19. The Davidic promises, given unto King David by the Lord, promised David a dynasty and property (see The Anchor Bible Dictionary “Davidic Covenant” 2.69-72). Apparently David felt that it was an eternal covenant that could never be broken (see Psalm 89:4-5). The people of Israel (this before the two kingdoms split) apparently were partakers of the blessings and benefits of this covenant. Thus, during the time of Jeremiah many people took security in a nearly 400 year old covenant, believing that they could do anything that they wanted without consequence and that God would maintain his covenant. Jeremiah knew better. Jeremiah recognized that any covenant is null and void, even if one of the subscribing parties is God Himself, if any party is not true and faithful, (i.e. if God’s children fail to be obedient to his laws).
  20. Bright, A History of Israel, pp. 333-336.
  21. “Condemn me not because of mine imperfection, neither my father, because of his imperfection, neither them who have written before him; but rather give thanks unto God that he hath manifest unto you our imperfections, that ye may learn to be more wise than we have been” (Mormon 9:31).
  22. In the Ancient Near Eastern culture many societies had cults of the dead. In other words, these were rituals and activities for families to remember their deceased ancestors. It was a way of gathering the family together to show respect to those who had passed on to the next life. Among the activities that would take place, the father officiating as priest at the family shrine located in the home, was a meal and drinking of wine. It was believed that the deceased ancestors needed to receive food and drink. So for the food and drink offered to the deceased the individuals in the family did eat and drink in kind.

    This could lead to much merriment and in some cases insobriety if too many wine libations were poured in behalf of the deceased. Thus Jeremiah spoke out against these things. How could the people be merry at a time when they should be in sackcloth and ashes as they repented of their many sins? See The Anchor Bible Dictionary “Dead, Cult of The” 2.105-108.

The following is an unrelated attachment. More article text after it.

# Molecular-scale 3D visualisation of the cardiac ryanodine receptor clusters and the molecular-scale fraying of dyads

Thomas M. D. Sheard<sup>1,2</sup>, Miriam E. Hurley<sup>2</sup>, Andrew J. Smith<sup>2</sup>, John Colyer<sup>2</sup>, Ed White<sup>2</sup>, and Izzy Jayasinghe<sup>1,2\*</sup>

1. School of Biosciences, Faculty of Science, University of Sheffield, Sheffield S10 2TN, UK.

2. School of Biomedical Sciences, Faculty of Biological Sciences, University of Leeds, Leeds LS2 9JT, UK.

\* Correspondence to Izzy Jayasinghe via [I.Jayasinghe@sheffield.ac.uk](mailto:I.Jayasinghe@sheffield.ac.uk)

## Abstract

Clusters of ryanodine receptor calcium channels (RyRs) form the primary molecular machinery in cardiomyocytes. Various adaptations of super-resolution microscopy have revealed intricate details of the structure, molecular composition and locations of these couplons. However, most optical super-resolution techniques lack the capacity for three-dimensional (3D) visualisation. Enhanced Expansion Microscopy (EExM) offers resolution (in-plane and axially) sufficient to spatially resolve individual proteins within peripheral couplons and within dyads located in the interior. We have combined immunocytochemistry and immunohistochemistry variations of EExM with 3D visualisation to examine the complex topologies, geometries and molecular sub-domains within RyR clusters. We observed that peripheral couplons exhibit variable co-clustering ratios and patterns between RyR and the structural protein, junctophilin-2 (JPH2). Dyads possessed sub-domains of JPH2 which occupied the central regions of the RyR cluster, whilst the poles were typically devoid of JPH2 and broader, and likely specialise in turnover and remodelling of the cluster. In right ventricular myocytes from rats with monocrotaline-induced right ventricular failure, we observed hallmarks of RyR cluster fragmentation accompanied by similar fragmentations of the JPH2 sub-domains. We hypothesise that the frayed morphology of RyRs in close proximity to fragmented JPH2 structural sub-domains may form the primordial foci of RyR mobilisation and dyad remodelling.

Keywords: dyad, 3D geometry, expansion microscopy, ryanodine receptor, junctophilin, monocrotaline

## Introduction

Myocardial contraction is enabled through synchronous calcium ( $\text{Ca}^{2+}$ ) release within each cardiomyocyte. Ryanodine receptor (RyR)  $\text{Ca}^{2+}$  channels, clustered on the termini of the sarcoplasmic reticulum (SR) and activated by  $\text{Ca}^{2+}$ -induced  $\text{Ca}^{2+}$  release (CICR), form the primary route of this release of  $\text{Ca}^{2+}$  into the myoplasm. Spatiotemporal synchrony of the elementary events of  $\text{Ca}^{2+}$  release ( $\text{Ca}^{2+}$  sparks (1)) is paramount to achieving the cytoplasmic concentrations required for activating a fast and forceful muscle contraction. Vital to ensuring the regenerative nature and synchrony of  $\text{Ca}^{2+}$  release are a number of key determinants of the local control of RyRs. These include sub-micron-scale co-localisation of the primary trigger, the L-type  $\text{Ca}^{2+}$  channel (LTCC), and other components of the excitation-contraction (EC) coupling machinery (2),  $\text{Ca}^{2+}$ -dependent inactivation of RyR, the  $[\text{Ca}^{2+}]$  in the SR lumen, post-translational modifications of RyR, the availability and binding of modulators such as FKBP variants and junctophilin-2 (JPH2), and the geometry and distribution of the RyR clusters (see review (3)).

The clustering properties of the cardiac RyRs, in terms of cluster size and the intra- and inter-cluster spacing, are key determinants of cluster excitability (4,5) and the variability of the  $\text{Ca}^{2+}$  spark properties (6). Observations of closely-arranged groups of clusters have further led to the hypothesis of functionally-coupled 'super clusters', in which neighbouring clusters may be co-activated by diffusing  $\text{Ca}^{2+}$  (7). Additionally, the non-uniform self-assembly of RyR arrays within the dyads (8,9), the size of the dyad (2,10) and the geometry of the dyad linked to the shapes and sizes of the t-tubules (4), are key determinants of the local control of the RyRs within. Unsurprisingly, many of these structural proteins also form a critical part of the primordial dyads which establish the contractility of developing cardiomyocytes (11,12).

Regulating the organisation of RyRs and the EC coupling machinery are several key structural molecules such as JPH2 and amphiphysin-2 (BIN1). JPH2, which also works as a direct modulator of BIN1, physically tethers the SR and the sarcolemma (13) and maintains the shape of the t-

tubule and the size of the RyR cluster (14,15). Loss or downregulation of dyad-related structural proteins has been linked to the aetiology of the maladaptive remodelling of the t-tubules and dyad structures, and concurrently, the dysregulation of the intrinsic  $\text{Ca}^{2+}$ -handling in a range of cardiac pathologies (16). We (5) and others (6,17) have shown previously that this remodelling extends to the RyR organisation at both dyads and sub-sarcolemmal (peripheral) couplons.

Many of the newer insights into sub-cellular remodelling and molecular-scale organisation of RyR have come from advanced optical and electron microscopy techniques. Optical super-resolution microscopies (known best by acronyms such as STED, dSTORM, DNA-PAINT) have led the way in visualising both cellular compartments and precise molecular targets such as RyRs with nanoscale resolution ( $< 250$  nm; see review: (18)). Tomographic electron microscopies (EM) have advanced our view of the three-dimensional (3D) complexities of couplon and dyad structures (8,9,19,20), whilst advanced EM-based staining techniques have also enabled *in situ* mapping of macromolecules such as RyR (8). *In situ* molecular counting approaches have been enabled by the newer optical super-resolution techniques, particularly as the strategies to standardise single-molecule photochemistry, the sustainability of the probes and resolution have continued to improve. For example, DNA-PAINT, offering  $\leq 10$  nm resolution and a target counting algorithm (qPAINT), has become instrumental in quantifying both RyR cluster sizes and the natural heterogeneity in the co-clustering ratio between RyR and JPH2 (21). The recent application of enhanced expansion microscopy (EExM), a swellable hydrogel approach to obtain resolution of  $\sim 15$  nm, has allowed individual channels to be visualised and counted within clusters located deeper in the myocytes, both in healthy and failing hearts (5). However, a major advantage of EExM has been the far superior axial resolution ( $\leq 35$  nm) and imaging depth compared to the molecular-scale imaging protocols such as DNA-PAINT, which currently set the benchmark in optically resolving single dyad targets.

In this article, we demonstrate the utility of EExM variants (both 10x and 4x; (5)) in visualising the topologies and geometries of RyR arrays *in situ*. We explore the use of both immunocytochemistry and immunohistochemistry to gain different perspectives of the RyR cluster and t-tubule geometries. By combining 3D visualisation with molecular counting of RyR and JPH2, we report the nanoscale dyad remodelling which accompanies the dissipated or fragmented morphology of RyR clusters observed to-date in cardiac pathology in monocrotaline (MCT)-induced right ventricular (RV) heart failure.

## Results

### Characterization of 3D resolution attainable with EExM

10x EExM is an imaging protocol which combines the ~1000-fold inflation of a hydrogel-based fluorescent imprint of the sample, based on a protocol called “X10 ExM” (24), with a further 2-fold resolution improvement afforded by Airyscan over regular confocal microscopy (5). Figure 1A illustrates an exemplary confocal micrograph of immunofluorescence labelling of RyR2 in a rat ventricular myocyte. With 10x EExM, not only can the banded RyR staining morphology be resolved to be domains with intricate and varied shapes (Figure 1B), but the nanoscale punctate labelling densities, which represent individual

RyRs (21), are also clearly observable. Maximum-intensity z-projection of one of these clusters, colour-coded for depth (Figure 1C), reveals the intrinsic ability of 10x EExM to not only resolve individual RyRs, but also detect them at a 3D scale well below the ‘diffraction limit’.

23. Gordon B. Hinckley, “The Times in Which We Live” Ensign (November, 2001), p. 74.
  24. As a sign that he fulfills such promises read the story of Jeremiah’s contest with the false prophet Hananiah in Jeremiah 28.
  25. The name Urijah means “Light of Jehovah.” In symbolic and analogous terms wicked king Jehoiakim murdered the light of Jehovah.
  26. The English word “lovingkindness” is translated from the Hebrew word hesed. This unique and special Hebrew word carries powerful significance. One scholar has said the following things about the Biblical word hesed: “In general one may identify three basic meanings of the word, which always interact: ‘strength,’ ‘steadfastness,’ and ‘love.’ Any understanding of the word that fails to suggest all three inevitably loses some of its richness. ‘Love’ by itself easily becomes sentimentalized or universalized apart from the covenant. Yet ‘strength’ or ‘steadfastness’ suggest only the fulfillment of a legal or other obligation…Marital love is often related to hesed. Marriage certainly is a legal matter, and there are legal sanctions for infractions. Yet the relationship, if sound, far transcends mere legalities. The prophet Hosea applies the analogy to Yahweh’s [Jehovah’s] hesed to Israel within the covenant (e.g., 2:21). Hence, ‘devotion’ is sometimes the single English word best capable of capturing the nuance of the original. The [Revised Standard Version Translation] attempts to bring this out by its translation, ‘steadfast love.’ Hebrew writers often underscored the element of steadfastness (or strength) by paring hesed with `emet (‘truth, reliability’) and `emunah (‘faithfulness’).” Vine, Vine’s Complete Expository Dictionary of Old and New Testament Words, p. 142